Video report by ITV News' Elaine Willcox
Non-urgent surgeries and other appointments are being cancelled across North West hospitals after a 'critical incident' was declared due to staff shortages, caused by coronavirus.
University Hospitals of Morecambe Bay and Blackpool Teaching Hospitals NHS Foundation Trust are two of several trusts declared incidents earlier this week.
At a meeting at Blackpool Victoria Hospital on Thursday, the hospital's board of governors was told that urgent procedures remain a priority, but some treatments have been cancelled.
It also means a setback for efforts to restore surgery and other treatment after waiting lists increased during lockdown.
There were 916 patients waiting more than a year for treatment in November, down from 1,046 the previous month, and 18 waiting for two years compared to a peak of 50 in July.
The Emergency Department also continues to be under pressure:
An increase in Covid patients from 35 on Christmas Eve to 125, along with a staff absence rate of 12 per cent, had exacerbated matters.
Dr Sakthi Karunanithi, Lancashire's Public Health Director, says the rate of infection isn't showing any signs of slowing down
The chief executive of University Hospitals of Morecambe Bay, Aaron Cummins, confirmed in a statement that the trust had declared an "internal critical incident".
In an internal message from Mr Cummins shared on Twitter, he told staff that "sadly, despite everyone's best efforts, many of our patients are still receiving a level of care and experience that falls below the level of standards we would like".
Mr Cummins added in his statement that some non-urgent operations and procedures would be suspended.
He said the escalation "allows us to be able to take additional steps to maintain safe services for our patients and help us cope with the growing pressures".
It comes after visiting was suspended at some hospitals in Morecambe Bay because of rising Covid cases.
Gamal spoke to Dr David Levy, the Medical Director for the NHS in the North West, and began by asking him whether the NHS in the North West has reached crisis point
Multiple hospitals across the country have declared critical incidents amid warnings the NHS was "in a state of crisis".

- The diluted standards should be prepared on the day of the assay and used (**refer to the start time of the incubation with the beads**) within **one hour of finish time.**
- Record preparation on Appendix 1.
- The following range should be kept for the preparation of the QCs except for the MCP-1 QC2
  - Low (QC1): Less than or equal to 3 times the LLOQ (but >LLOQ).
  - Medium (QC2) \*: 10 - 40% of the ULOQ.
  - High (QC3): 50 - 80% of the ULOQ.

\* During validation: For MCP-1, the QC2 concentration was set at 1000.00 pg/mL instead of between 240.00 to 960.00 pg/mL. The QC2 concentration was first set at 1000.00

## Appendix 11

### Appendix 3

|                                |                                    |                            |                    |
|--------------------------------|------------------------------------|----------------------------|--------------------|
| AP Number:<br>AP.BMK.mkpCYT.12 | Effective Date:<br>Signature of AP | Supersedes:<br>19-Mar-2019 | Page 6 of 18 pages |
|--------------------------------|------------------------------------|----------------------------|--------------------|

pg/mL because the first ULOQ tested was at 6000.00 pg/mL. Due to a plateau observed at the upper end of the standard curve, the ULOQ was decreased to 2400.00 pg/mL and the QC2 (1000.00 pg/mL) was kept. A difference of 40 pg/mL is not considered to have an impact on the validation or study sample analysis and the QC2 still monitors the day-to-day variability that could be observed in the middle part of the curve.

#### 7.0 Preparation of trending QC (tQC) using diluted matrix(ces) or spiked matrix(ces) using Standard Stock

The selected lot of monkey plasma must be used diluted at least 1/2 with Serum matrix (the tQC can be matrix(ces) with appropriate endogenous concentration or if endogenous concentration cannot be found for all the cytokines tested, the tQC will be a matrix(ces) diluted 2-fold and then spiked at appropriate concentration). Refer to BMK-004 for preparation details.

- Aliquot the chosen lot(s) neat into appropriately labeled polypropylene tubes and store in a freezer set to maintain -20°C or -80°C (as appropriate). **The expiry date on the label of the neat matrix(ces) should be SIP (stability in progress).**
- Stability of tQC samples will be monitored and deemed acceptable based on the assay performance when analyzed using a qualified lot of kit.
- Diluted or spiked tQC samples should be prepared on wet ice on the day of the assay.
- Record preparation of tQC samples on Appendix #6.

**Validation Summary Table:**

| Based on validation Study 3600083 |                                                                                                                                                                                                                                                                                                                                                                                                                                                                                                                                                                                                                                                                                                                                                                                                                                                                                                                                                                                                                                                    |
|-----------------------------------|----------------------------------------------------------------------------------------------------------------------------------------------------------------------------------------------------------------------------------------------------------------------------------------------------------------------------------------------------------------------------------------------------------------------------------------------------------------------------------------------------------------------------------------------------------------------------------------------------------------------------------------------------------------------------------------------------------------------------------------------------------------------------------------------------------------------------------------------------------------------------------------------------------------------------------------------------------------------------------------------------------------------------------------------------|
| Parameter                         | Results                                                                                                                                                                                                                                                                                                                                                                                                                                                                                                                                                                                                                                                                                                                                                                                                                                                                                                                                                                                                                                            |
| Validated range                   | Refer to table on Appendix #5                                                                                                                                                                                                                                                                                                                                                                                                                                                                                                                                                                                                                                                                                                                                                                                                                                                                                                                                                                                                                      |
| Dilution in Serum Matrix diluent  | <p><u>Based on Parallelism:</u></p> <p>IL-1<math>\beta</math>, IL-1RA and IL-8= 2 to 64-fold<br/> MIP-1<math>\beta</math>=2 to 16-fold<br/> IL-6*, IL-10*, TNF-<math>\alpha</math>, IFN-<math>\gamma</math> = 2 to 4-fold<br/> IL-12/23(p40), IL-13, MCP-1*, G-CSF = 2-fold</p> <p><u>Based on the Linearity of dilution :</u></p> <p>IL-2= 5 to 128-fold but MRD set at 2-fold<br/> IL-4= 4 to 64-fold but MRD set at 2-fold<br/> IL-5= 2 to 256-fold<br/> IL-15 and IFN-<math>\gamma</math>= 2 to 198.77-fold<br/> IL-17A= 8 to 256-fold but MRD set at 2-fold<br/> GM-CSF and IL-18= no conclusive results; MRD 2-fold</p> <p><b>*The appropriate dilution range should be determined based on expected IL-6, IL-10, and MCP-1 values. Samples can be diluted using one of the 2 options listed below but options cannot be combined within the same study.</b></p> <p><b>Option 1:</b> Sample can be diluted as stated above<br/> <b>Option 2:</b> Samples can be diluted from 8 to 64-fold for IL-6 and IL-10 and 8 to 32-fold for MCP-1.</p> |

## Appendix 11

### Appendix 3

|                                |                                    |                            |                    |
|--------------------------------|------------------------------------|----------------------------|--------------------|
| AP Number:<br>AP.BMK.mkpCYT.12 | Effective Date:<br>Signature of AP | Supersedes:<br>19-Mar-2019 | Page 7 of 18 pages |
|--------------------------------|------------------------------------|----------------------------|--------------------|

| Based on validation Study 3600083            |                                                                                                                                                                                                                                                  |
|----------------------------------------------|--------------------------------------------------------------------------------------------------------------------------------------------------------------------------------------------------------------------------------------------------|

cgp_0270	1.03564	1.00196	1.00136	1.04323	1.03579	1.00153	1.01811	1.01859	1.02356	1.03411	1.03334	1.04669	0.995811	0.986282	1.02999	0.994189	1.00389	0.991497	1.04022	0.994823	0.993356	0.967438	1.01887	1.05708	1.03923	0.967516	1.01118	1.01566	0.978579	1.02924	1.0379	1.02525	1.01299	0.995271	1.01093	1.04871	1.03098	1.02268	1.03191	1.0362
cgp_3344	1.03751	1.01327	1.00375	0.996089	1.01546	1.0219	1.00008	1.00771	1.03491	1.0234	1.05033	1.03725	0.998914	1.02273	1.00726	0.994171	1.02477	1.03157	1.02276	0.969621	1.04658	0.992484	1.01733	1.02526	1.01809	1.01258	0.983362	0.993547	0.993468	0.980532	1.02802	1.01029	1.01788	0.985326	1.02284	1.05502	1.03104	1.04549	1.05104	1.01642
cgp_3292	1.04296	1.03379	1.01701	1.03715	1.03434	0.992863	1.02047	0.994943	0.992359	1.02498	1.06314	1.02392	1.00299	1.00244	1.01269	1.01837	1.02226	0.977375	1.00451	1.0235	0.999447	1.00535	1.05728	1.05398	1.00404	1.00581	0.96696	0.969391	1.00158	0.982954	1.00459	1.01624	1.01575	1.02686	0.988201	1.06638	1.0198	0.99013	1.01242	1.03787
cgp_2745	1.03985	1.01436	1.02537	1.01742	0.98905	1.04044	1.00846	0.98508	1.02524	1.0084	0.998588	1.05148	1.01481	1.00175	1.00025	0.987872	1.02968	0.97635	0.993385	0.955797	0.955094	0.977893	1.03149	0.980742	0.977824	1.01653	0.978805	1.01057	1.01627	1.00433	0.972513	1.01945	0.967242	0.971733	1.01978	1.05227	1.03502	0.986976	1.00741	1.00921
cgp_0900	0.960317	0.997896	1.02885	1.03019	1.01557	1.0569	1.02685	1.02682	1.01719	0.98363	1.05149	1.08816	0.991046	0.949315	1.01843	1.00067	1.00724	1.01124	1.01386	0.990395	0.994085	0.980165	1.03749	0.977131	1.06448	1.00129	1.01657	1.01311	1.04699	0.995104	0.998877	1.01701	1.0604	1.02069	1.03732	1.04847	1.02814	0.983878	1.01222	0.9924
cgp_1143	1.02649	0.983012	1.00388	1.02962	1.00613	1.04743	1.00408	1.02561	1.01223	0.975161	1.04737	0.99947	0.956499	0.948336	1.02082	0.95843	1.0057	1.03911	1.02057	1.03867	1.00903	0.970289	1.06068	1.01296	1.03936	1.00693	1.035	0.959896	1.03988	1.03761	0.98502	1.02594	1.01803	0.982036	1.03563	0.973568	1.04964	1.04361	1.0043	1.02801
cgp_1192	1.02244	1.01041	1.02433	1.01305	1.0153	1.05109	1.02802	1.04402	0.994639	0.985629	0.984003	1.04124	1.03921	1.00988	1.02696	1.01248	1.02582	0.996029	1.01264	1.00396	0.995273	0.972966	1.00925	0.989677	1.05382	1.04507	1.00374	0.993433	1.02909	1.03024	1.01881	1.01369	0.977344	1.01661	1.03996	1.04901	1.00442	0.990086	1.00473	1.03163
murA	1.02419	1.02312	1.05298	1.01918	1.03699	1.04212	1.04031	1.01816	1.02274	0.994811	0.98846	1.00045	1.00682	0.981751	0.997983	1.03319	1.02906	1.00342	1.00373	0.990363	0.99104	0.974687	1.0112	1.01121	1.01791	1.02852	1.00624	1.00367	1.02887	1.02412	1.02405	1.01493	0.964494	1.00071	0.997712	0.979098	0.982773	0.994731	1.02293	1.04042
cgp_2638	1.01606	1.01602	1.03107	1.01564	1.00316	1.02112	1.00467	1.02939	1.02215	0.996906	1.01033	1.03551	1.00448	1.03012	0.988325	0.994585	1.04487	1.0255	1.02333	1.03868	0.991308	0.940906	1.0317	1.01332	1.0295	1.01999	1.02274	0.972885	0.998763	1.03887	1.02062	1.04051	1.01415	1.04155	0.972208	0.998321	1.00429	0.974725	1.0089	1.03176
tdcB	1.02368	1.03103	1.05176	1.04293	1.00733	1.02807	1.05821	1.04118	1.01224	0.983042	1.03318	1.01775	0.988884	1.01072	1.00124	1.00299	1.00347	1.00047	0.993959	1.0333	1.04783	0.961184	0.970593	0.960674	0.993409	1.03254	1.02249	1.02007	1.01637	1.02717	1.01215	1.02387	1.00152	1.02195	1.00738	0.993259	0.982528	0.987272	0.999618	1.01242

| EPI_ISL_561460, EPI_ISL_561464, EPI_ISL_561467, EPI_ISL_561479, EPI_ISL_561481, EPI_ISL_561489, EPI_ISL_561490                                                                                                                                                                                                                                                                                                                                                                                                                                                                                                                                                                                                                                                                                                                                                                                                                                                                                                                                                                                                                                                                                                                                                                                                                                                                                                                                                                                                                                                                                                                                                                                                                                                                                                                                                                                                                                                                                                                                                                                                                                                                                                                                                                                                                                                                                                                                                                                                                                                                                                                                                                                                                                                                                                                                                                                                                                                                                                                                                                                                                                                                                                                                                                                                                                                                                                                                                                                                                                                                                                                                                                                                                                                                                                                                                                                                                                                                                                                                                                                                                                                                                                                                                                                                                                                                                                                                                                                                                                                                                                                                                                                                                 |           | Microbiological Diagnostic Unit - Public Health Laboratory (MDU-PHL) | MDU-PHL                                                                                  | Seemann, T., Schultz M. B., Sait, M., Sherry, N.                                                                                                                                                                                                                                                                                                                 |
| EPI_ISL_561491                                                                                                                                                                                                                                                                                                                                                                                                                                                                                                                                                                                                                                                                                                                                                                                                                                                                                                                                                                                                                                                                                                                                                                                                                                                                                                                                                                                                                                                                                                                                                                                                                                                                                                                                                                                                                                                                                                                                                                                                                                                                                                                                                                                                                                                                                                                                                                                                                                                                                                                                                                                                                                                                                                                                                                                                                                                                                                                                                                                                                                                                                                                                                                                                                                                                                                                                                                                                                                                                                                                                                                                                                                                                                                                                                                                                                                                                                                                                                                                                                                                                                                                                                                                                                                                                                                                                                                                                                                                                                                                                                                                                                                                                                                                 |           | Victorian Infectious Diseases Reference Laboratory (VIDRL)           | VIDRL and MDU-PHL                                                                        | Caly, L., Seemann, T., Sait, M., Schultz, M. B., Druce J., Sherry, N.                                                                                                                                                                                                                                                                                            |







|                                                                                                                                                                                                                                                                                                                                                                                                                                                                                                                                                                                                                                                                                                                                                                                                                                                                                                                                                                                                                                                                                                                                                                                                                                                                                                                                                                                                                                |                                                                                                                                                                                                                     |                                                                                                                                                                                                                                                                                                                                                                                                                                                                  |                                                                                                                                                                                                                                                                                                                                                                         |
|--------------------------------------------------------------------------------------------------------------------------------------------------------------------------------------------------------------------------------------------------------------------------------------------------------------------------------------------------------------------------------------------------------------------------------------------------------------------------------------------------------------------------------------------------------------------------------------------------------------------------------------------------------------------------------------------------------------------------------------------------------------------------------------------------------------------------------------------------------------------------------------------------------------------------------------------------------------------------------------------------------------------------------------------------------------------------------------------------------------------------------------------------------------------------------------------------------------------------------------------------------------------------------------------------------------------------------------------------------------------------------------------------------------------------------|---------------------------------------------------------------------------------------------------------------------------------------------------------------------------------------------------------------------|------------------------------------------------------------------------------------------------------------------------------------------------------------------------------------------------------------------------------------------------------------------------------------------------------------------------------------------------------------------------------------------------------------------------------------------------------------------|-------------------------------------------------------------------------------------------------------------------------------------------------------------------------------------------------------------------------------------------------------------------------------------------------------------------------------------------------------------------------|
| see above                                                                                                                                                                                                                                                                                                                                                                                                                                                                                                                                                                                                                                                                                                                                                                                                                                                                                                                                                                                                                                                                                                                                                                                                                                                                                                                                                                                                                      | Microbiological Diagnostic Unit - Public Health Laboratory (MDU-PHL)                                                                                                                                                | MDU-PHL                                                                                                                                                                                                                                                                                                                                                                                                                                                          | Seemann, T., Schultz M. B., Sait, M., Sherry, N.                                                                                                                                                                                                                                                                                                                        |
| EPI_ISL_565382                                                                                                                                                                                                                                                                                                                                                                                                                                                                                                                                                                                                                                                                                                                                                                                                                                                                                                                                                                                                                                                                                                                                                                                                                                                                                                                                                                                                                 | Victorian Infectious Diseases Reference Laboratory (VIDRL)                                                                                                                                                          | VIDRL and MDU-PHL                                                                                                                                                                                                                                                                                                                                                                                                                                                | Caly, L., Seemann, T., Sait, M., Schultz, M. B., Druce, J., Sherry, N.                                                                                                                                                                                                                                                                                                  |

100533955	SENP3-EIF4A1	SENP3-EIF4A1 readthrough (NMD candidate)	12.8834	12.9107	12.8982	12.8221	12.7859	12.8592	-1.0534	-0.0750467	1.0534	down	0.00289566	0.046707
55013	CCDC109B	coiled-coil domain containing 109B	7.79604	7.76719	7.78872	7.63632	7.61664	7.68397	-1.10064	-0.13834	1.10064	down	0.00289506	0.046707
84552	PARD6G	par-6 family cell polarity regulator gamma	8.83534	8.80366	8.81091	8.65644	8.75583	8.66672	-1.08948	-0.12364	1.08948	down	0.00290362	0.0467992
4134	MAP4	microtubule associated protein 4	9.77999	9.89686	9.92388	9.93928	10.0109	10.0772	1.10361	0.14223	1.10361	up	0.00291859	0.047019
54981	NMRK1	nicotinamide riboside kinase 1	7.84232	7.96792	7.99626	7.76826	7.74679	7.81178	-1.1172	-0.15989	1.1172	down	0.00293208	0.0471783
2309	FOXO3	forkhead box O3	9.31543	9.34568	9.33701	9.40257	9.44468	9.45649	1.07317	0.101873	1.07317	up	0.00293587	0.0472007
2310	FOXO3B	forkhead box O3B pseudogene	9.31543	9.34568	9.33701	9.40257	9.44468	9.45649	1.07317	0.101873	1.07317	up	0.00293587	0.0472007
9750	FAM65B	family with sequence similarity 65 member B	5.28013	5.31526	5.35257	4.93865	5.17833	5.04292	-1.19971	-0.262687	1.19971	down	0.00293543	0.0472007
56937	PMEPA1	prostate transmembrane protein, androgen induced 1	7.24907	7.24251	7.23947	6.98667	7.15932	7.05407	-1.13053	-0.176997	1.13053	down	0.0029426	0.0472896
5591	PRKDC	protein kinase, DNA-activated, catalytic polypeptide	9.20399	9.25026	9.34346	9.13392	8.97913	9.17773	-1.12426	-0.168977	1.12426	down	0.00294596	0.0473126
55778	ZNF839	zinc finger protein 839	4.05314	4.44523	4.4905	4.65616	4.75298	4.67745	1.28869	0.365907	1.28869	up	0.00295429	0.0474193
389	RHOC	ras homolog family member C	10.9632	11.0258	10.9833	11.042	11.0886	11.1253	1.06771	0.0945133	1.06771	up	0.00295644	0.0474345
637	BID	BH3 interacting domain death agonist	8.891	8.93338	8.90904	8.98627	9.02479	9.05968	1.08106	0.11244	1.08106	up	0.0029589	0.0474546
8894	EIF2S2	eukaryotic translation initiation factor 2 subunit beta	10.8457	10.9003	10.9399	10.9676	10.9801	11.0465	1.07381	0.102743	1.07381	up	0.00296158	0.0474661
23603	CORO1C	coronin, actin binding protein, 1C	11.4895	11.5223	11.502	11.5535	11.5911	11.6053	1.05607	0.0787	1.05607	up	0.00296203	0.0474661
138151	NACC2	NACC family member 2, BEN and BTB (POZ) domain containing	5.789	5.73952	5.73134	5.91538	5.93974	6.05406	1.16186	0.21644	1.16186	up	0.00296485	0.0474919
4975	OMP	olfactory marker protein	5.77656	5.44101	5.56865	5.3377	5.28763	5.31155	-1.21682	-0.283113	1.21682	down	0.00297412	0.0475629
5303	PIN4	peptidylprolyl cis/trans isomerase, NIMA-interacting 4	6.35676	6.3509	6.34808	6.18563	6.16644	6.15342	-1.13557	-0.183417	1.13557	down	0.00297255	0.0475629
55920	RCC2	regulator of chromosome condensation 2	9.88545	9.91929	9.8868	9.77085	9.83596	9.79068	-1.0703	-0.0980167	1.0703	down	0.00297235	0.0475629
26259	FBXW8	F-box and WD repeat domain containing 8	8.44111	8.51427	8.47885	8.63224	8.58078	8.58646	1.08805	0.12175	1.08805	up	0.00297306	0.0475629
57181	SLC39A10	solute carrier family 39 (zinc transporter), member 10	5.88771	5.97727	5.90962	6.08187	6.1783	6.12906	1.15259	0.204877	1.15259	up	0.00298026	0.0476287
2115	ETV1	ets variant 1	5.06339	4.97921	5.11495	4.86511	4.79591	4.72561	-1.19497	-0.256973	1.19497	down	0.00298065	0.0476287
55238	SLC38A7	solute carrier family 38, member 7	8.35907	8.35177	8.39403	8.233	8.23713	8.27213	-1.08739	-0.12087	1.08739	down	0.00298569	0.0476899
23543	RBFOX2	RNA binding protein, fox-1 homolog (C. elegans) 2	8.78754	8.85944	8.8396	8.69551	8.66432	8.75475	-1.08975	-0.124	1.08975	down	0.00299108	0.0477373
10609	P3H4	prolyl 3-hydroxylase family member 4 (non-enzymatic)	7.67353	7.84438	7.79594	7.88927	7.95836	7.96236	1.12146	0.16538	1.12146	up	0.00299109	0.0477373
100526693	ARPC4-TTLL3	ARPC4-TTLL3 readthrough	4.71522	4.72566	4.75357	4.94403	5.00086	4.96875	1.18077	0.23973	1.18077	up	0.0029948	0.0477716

Prime Minister Boris Johnson warned on Monday that the Omicron variant "continues to surge through the country" and pressure on the NHS would last for weeks.
Chris Hopson, chief executive of NHS Providers - which represents health trusts, said "a number of trusts across country have declared internal critical incidents over the last few days".
Earlier, on a visit to a vaccination centre in Buckinghamshire, the Prime Minister said: "I think we've got to recognise that the pressure on our NHS, on our hospitals, is going to be considerable in the course of the next couple of weeks, and maybe more."
Mr Johnson said he appreciated the pressure NHS staff were under, and that it was "vital that we make sure that we help them by trying to contain the pandemic" by getting vaccinated and following plan B measures.
And he warned it would be "absolute folly to say that this thing is all over now bar the shouting".
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The chief executive of the NHS Confederation, Matthew Taylor, said that "in many parts of the health service, we are currently in a state of crisis".
"Some hospitals are making urgent calls to exhausted staff to give up rest days and leave to enable them to sustain core services," he wrote in a blog published on Monday.
He added that many hospitals had been forced to ban visitors to reduce the spread of infection, while "NHS England is continuing to plan for surge capacity".